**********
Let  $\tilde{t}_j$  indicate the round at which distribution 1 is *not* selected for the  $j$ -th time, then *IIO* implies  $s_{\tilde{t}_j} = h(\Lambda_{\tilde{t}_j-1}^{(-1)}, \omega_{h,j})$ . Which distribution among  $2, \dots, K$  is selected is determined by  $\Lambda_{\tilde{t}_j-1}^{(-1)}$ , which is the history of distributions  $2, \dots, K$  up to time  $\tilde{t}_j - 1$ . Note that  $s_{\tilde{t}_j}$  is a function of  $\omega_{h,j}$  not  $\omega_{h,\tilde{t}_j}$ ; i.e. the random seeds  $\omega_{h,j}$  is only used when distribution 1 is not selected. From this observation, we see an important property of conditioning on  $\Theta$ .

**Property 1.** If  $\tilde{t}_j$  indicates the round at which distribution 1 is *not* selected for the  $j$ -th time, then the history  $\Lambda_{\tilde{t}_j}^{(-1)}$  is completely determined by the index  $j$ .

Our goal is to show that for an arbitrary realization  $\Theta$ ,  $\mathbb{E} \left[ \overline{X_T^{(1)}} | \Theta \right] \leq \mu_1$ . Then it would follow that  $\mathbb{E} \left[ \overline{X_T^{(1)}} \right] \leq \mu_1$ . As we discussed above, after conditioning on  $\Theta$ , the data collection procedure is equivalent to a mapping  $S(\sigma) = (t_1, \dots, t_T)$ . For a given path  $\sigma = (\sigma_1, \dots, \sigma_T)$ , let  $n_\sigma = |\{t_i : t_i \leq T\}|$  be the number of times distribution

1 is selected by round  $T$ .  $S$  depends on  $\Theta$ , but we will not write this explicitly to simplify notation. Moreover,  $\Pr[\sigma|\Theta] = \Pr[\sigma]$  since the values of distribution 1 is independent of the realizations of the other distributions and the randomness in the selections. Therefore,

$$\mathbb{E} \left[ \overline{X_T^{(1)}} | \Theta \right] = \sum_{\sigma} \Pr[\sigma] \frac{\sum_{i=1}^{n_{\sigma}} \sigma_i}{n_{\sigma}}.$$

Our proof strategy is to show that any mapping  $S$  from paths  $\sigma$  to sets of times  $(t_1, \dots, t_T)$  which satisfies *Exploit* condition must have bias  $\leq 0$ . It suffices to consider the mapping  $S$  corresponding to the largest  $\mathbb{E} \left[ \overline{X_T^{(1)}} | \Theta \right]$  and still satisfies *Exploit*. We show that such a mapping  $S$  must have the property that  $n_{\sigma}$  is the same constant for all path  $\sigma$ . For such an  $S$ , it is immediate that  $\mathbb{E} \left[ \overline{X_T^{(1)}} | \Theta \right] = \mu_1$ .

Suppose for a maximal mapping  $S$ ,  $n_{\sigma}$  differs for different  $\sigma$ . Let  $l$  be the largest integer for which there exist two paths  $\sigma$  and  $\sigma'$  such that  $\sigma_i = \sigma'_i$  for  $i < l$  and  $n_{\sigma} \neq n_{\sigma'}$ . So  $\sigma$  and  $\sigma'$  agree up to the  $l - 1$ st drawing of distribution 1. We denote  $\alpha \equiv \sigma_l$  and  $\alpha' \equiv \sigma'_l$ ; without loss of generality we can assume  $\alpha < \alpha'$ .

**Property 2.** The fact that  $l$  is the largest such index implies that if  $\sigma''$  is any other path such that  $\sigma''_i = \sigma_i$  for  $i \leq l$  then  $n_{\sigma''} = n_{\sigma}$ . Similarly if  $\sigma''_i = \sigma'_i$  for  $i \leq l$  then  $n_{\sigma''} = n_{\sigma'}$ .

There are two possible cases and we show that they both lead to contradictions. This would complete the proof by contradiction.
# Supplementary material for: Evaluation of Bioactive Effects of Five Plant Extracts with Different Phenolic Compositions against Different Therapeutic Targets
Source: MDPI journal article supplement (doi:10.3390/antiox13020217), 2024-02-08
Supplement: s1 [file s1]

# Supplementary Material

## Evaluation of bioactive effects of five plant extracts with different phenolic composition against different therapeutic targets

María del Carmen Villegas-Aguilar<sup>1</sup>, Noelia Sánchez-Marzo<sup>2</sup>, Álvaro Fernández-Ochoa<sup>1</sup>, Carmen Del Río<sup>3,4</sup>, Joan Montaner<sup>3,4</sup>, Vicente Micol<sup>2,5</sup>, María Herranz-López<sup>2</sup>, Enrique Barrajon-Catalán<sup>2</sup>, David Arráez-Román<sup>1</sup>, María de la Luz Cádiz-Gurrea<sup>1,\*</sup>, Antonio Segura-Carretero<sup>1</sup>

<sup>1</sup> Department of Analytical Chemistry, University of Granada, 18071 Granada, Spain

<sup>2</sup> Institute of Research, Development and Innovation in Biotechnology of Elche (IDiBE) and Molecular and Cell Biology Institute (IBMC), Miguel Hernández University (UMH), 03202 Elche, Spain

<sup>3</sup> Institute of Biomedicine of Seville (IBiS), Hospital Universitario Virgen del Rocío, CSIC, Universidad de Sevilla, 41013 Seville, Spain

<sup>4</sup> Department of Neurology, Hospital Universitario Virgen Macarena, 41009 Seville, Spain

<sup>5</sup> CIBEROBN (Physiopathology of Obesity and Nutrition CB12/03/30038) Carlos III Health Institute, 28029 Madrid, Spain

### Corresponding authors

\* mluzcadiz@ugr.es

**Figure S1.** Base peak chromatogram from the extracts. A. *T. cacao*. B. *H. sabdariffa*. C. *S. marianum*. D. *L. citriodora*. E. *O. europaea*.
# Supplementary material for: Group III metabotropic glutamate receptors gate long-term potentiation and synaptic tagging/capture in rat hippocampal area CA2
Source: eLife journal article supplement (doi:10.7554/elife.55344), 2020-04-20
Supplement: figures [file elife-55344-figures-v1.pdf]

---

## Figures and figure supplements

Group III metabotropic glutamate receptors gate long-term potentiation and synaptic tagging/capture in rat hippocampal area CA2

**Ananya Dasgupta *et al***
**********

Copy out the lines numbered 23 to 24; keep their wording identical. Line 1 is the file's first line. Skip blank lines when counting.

**Figure S1.** Base peak chromatogram from the extracts. A. *T. cacao*. B. *H. sabdariffa*. C. *S. marianum*. D. *L. citriodora*. E. *O. europaea*.
# Supplementary material for: Group III metabotropic glutamate receptors gate long-term potentiation and synaptic tagging/capture in rat hippocampal area CA2